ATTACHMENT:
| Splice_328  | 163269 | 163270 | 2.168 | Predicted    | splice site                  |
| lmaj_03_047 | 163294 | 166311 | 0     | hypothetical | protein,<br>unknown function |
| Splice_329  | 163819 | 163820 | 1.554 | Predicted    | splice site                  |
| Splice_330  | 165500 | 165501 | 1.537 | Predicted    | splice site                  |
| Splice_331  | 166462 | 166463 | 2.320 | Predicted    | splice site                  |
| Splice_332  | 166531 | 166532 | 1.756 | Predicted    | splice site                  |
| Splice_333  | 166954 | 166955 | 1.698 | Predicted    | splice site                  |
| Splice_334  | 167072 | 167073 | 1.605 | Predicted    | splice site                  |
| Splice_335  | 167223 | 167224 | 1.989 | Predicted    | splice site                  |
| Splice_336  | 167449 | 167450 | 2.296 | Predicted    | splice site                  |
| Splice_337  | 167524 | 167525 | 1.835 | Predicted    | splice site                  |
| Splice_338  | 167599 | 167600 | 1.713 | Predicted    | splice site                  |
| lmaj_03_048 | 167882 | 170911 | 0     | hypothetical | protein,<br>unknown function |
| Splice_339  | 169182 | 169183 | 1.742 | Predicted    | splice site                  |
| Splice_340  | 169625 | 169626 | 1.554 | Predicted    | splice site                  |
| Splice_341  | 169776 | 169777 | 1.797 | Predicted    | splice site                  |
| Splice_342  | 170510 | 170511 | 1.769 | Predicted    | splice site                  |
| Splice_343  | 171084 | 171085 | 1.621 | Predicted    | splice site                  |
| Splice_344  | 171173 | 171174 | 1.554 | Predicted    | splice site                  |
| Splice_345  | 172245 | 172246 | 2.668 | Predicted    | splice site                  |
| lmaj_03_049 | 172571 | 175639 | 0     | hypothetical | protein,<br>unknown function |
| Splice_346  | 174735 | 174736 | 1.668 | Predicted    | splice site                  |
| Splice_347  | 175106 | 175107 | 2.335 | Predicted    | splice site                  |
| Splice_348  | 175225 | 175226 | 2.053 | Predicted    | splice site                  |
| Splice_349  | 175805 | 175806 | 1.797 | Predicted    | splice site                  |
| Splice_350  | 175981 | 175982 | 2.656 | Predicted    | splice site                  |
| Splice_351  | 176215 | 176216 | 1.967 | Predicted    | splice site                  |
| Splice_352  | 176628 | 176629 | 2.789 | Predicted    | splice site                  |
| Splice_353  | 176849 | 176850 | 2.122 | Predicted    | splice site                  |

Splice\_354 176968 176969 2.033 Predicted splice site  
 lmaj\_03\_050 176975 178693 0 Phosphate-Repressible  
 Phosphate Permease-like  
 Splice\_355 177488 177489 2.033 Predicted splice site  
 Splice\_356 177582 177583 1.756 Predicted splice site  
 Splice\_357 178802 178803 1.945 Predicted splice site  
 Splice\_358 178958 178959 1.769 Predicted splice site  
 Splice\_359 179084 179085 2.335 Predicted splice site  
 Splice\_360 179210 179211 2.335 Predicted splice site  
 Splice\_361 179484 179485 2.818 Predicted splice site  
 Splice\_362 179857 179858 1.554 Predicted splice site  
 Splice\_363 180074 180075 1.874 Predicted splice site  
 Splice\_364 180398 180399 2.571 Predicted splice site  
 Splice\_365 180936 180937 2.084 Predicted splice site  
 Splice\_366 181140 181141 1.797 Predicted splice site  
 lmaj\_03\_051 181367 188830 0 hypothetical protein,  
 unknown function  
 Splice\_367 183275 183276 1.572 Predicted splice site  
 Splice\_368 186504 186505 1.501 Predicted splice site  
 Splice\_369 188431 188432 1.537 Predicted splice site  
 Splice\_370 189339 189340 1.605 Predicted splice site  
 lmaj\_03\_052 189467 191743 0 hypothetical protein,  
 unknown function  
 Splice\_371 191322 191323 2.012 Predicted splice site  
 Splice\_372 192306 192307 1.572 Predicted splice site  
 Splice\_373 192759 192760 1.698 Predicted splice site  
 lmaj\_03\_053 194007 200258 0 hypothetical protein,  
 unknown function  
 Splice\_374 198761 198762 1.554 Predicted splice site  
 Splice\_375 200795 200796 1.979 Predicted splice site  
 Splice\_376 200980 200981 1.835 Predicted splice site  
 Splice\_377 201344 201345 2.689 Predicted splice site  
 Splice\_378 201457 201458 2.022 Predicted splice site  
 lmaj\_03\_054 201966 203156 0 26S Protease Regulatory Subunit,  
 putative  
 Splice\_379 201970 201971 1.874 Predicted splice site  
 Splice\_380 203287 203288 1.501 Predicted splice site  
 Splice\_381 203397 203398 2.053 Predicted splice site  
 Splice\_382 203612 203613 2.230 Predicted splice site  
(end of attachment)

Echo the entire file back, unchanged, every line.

| Splice_328  | 163269 | 163270 | 2.168 | Predicted    | splice site                  |
| lmaj_03_047 | 163294 | 166311 | 0     | hypothetical | protein,<br>unknown function |
| Splice_329  | 163819 | 163820 | 1.554 | Predicted    | splice site                  |
| Splice_330  | 165500 | 165501 | 1.537 | Predicted    | splice site                  |
| Splice_331  | 166462 | 166463 | 2.320 | Predicted    | splice site                  |
| Splice_332  | 166531 | 166532 | 1.756 | Predicted    | splice site                  |
| Splice_333  | 166954 | 166955 | 1.698 | Predicted    | splice site                  |
| Splice_334  | 167072 | 167073 | 1.605 | Predicted    | splice site                  |
| Splice_335  | 167223 | 167224 | 1.989 | Predicted    | splice site                  |
| Splice_336  | 167449 | 167450 | 2.296 | Predicted    | splice site                  |
| Splice_337  | 167524 | 167525 | 1.835 | Predicted    | splice site                  |
| Splice_338  | 167599 | 167600 | 1.713 | Predicted    | splice site                  |
| lmaj_03_048 | 167882 | 170911 | 0     | hypothetical | protein,<br>unknown function |
| Splice_339  | 169182 | 169183 | 1.742 | Predicted    | splice site                  |
| Splice_340  | 169625 | 169626 | 1.554 | Predicted    | splice site                  |
| Splice_341  | 169776 | 169777 | 1.797 | Predicted    | splice site                  |
| Splice_342  | 170510 | 170511 | 1.769 | Predicted    | splice site                  |
| Splice_343  | 171084 | 171085 | 1.621 | Predicted    | splice site                  |
| Splice_344  | 171173 | 171174 | 1.554 | Predicted    | splice site                  |
| Splice_345  | 172245 | 172246 | 2.668 | Predicted    | splice site                  |
| lmaj_03_049 | 172571 | 175639 | 0     | hypothetical | protein,<br>unknown function |
| Splice_346  | 174735 | 174736 | 1.668 | Predicted    | splice site                  |
| Splice_347  | 175106 | 175107 | 2.335 | Predicted    | splice site                  |
| Splice_348  | 175225 | 175226 | 2.053 | Predicted    | splice site                  |
| Splice_349  | 175805 | 175806 | 1.797 | Predicted    | splice site                  |
| Splice_350  | 175981 | 175982 | 2.656 | Predicted    | splice site                  |
| Splice_351  | 176215 | 176216 | 1.967 | Predicted    | splice site                  |
| Splice_352  | 176628 | 176629 | 2.789 | Predicted    | splice site                  |
| Splice_353  | 176849 | 176850 | 2.122 | Predicted    | splice site                  |

Splice\_354 176968 176969 2.033 Predicted splice site  
 lmaj\_03\_050 176975 178693 0 Phosphate-Repressible  
 Phosphate Permease-like  
 Splice\_355 177488 177489 2.033 Predicted splice site  
 Splice\_356 177582 177583 1.756 Predicted splice site  
 Splice\_357 178802 178803 1.945 Predicted splice site  
 Splice\_358 178958 178959 1.769 Predicted splice site  
 Splice\_359 179084 179085 2.335 Predicted splice site  
 Splice\_360 179210 179211 2.335 Predicted splice site  
 Splice\_361 179484 179485 2.818 Predicted splice site  
 Splice\_362 179857 179858 1.554 Predicted splice site  
 Splice\_363 180074 180075 1.874 Predicted splice site  
 Splice\_364 180398 180399 2.571 Predicted splice site  
 Splice\_365 180936 180937 2.084 Predicted splice site  
 Splice\_366 181140 181141 1.797 Predicted splice site  
 lmaj\_03\_051 181367 188830 0 hypothetical protein,  
 unknown function  
 Splice\_367 183275 183276 1.572 Predicted splice site  
 Splice\_368 186504 186505 1.501 Predicted splice site  
 Splice\_369 188431 188432 1.537 Predicted splice site  
 Splice\_370 189339 189340 1.605 Predicted splice site  
 lmaj\_03\_052 189467 191743 0 hypothetical protein,  
 unknown function  
 Splice\_371 191322 191323 2.012 Predicted splice site  
 Splice\_372 192306 192307 1.572 Predicted splice site  
 Splice\_373 192759 192760 1.698 Predicted splice site  
 lmaj\_03\_053 194007 200258 0 hypothetical protein,  
 unknown function  
 Splice\_374 198761 198762 1.554 Predicted splice site  
 Splice\_375 200795 200796 1.979 Predicted splice site  
 Splice\_376 200980 200981 1.835 Predicted splice site  
 Splice\_377 201344 201345 2.689 Predicted splice site  
 Splice\_378 201457 201458 2.022 Predicted splice site  
 lmaj\_03\_054 201966 203156 0 26S Protease Regulatory Subunit,  
 putative  
 Splice\_379 201970 201971 1.874 Predicted splice site  
 Splice\_380 203287 203288 1.501 Predicted splice site  
 Splice\_381 203397 203398 2.053 Predicted splice site  
 Splice\_382 203612 203613 2.230 Predicted splice site  